South Sudan's army contributes to violence, confusion on the ground
The Sudan People's Liberation Army, a guerilla movement turned future national army, is struggling to make the transition and bring troops under control of the central command.
Juba, Sudan — The South Sudanese army has been at the verge of war with the north's Sudan's Sudanese Armed Forces since the north invaded a contested border zone two weeks ago. Though independence looks set to become official in July, the picture on the ground here in the south is increasingly messy.
The Sudan People’s Liberation Army (SPLA) is a former guerilla movement that fought a liberation struggle and civil war against the northern Sudanese government for more than two decades before signing an internationally-brokered peace deal in 2005. The deal granted the South the right to decide whether to break away from the north and form a new state.
The SPLA is not only overwhelmed by the internal and external challenges to stability within its territory, but it is also accused of violating human rights and harassing United Nations agencies and international aid groups attempting to respond to the humanitarian crisis in the fallout of northern Sudan's invasion of the border region of Abyei. The rumors are making aid groups fearful of sending convoys of fuel and food stocks to frontline areas where wounded, hungry, and generally vulnerable populations need the assistance.
The South's army officials have been frank in my recent discussions with them over the allegations against the Army here in the South.
“[Orders] reach the ground. But as anywhere in the world you will not have 100 percent discipline,” Col. Philip Aguer, the SPLA spokesman, told me today in South Sudan's capital of Juba. He said that the process of both transforming a guerilla army into a conventional one and the intense challenges of integrating rebel militia forces into the army are daunting, especially at a moment when the northern army is aggressively flexing its muscles in Abyei, a territory of great strategic, historical, and emotional importance to southerners.
Based on United Nations internal reports I obtained while looking into allegations made by local government officials in remote, often inaccessible reaches of the oil-producing Greater Upper Nile region, it is fair to say that the SPLA stands accused of egregious violations of human rights including killing of civilians and destruction of their homes and properties (excerpts of these reports are available in my AP story here).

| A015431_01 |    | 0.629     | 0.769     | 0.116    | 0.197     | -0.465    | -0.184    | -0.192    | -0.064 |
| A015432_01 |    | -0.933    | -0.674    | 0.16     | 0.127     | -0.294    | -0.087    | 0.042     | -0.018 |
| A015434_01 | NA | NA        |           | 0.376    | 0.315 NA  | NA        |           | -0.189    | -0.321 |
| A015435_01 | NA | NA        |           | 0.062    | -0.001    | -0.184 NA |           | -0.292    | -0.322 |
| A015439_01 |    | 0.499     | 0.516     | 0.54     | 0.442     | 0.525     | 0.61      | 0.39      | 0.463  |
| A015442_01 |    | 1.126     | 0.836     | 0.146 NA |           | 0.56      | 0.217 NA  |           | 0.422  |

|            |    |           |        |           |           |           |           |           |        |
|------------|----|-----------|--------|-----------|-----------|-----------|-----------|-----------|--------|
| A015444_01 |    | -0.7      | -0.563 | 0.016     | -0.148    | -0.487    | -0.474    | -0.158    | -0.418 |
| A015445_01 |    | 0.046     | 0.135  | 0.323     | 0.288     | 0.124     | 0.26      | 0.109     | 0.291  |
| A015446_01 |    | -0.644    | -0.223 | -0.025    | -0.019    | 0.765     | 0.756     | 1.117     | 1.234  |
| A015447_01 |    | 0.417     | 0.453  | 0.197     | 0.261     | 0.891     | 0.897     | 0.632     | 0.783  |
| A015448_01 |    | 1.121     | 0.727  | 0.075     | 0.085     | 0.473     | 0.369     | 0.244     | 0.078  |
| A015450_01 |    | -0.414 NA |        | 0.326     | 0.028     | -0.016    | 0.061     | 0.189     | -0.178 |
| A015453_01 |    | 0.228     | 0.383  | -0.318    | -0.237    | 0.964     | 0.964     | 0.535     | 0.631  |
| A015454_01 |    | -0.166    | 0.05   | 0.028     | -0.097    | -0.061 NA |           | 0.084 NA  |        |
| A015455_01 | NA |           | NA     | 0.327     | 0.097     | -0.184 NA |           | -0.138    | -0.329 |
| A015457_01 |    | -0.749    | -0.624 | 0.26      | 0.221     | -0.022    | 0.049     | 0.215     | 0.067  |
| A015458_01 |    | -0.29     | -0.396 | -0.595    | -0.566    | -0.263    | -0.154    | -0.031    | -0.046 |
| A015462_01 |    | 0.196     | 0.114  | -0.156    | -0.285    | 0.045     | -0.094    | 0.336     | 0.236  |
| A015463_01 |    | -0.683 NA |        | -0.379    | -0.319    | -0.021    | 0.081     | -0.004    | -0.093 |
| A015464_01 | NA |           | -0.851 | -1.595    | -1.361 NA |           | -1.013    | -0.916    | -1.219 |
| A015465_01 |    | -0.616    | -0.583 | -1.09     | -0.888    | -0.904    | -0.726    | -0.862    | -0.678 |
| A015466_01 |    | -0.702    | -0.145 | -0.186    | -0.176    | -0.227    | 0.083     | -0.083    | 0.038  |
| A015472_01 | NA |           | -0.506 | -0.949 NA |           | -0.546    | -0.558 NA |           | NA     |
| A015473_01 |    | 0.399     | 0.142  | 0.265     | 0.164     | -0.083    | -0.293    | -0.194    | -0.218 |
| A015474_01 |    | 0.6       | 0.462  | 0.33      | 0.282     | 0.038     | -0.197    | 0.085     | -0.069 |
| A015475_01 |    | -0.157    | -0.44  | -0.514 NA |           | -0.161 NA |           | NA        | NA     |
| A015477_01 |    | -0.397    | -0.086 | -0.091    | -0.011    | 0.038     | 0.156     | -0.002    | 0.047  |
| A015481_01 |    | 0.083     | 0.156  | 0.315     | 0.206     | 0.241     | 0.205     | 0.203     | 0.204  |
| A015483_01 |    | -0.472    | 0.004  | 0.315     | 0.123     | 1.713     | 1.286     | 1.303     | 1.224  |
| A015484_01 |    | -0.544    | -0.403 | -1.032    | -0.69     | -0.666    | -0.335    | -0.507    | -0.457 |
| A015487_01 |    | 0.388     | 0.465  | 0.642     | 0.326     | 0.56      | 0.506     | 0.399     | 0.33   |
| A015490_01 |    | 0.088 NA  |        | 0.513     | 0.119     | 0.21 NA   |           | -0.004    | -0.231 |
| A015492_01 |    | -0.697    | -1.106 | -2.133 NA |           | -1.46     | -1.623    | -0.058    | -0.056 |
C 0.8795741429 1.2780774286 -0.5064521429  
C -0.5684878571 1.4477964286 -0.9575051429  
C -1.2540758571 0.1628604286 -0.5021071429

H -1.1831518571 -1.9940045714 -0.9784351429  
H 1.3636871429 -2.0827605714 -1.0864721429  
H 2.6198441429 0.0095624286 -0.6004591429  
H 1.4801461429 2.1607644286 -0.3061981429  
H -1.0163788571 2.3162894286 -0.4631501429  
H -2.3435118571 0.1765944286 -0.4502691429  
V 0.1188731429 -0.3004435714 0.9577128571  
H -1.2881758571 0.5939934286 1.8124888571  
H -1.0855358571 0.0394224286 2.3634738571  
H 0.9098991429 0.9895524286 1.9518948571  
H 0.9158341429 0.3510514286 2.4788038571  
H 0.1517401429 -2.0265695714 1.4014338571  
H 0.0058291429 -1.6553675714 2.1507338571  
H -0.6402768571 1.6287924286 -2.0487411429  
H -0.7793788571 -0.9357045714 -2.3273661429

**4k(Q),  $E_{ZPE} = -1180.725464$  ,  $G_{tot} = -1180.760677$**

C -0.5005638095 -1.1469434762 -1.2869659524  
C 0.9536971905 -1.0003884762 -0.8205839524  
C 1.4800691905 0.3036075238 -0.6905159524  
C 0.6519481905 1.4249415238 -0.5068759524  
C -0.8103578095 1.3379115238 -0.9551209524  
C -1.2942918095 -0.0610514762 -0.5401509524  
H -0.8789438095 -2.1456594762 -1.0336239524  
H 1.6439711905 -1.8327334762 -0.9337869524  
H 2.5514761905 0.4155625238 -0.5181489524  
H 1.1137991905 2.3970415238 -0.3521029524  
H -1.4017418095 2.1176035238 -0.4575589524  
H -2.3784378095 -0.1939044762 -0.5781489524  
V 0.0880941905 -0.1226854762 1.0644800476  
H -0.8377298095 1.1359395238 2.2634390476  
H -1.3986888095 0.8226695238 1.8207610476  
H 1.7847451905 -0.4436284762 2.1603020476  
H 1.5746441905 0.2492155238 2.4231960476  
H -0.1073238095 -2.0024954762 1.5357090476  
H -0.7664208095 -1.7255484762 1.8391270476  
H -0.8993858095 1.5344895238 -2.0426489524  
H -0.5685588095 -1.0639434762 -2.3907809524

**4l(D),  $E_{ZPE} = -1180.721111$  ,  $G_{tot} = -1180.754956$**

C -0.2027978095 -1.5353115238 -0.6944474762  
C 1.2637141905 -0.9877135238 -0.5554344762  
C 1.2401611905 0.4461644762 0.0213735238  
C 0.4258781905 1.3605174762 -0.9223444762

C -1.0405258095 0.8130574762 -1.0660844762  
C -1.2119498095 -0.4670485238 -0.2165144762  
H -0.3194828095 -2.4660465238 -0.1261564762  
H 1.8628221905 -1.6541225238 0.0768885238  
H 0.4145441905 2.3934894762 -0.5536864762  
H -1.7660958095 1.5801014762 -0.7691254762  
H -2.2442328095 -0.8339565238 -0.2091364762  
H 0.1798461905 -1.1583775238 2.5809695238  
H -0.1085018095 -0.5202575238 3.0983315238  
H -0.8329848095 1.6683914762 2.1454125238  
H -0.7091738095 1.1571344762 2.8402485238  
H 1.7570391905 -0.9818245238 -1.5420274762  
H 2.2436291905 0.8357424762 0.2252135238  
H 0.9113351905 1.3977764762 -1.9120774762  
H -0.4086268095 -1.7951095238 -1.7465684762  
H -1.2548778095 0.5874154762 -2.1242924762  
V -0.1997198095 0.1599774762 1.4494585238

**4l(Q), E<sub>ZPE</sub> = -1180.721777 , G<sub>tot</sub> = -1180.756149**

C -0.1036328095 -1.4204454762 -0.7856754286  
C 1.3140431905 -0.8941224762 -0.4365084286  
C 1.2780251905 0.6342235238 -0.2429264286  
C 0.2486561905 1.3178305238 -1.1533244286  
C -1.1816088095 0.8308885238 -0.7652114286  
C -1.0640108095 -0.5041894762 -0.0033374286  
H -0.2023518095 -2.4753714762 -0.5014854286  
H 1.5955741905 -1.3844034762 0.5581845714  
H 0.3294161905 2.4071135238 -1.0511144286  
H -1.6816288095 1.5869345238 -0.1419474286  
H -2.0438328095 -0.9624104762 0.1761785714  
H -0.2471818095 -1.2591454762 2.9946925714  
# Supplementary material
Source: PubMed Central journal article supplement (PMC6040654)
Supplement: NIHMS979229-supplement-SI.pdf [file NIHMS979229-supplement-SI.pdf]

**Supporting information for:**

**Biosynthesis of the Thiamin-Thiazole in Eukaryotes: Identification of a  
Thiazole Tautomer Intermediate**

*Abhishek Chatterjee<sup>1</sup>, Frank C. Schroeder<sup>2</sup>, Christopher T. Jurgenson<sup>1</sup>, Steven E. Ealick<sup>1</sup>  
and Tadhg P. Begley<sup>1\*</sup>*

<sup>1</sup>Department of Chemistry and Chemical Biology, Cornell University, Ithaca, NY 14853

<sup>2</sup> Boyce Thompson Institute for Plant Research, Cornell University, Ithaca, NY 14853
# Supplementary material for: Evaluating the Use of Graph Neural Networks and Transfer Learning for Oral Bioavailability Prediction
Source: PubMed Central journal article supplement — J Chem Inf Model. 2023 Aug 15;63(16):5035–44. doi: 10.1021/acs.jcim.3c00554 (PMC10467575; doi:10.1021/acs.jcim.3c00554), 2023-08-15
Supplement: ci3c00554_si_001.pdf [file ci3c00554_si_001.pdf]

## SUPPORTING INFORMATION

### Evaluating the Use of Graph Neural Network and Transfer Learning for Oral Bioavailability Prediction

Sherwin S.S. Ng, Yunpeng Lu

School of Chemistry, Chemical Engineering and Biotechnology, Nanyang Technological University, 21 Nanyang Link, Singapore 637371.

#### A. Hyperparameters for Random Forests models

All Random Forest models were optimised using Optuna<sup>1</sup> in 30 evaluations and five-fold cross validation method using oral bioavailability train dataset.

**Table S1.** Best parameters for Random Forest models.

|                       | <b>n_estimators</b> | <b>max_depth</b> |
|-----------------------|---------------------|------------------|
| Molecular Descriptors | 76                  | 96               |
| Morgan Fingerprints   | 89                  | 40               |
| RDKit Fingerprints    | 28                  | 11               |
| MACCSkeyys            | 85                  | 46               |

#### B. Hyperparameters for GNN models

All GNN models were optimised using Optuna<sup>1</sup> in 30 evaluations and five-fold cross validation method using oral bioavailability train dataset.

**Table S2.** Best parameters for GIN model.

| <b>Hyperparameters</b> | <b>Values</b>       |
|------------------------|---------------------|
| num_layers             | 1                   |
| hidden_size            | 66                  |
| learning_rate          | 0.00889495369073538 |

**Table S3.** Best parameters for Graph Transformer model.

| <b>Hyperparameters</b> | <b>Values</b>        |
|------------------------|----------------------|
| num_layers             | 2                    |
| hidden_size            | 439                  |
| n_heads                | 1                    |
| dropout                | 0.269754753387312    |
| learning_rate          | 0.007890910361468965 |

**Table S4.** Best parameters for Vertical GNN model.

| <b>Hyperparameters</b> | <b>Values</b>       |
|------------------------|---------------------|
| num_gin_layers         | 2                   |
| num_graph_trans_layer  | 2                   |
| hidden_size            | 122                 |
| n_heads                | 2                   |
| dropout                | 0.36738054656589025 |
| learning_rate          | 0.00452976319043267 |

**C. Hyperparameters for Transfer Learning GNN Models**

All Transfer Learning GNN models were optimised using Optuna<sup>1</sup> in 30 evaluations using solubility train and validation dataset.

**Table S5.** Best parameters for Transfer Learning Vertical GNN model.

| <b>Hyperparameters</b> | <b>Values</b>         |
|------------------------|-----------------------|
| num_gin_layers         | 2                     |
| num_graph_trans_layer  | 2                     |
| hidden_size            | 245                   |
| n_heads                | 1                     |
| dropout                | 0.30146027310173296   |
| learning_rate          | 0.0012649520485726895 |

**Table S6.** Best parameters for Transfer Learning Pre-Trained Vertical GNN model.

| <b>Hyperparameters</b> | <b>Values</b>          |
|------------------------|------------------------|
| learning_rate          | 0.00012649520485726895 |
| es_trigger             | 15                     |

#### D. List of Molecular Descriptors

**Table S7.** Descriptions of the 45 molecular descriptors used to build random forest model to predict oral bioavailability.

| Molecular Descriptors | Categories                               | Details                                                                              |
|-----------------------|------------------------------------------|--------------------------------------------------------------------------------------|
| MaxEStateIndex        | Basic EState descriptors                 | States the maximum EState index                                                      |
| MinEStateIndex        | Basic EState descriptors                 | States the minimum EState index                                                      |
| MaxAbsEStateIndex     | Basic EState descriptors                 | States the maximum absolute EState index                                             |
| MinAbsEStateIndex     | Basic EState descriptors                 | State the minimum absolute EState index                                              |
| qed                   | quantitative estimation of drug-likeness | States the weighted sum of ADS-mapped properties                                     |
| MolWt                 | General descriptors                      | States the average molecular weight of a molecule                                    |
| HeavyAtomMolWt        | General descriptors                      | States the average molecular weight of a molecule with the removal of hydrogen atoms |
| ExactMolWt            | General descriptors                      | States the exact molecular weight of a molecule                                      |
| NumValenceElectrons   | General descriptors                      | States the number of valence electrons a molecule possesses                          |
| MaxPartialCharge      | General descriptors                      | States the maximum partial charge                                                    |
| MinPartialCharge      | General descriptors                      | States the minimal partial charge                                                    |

There are clearly a range of urgently needed responses to these serious allegations.
But in the time I spent reporting this story, I came to the view that the answer is clearly not to suspend internationally-funded training and support to the SPLA. If anything, the army needs more support: more training to professionalize its current rank-and-file, more efforts to effectively downsize this force without leaving tens of thousands of men jobless and without prospects for future employment, well-considered and context-specific human rights training, and a real plan for either reintegrating or disarming the militia forces that the SPLA is currently attempting to defeat (after its failed attempts at political reconciliation with these forces over the past year).
The to-do list is obviously very long for this army, and no one expects it to transform itself overnight. Indeed, that has not happened in the past six years since the civil war ended and this current period of fragile peace began.
Western officials and high-ranking SPLA officers in Juba have repeatedly told me that the current problem of abuses occurring in the context of military campaigns against the rebel forces is directly related to the severe lack of command-and-control among far-flung forces fighting these battles. This is not an excuse, of course, for these gross violations.
The question now is what will be done to address them.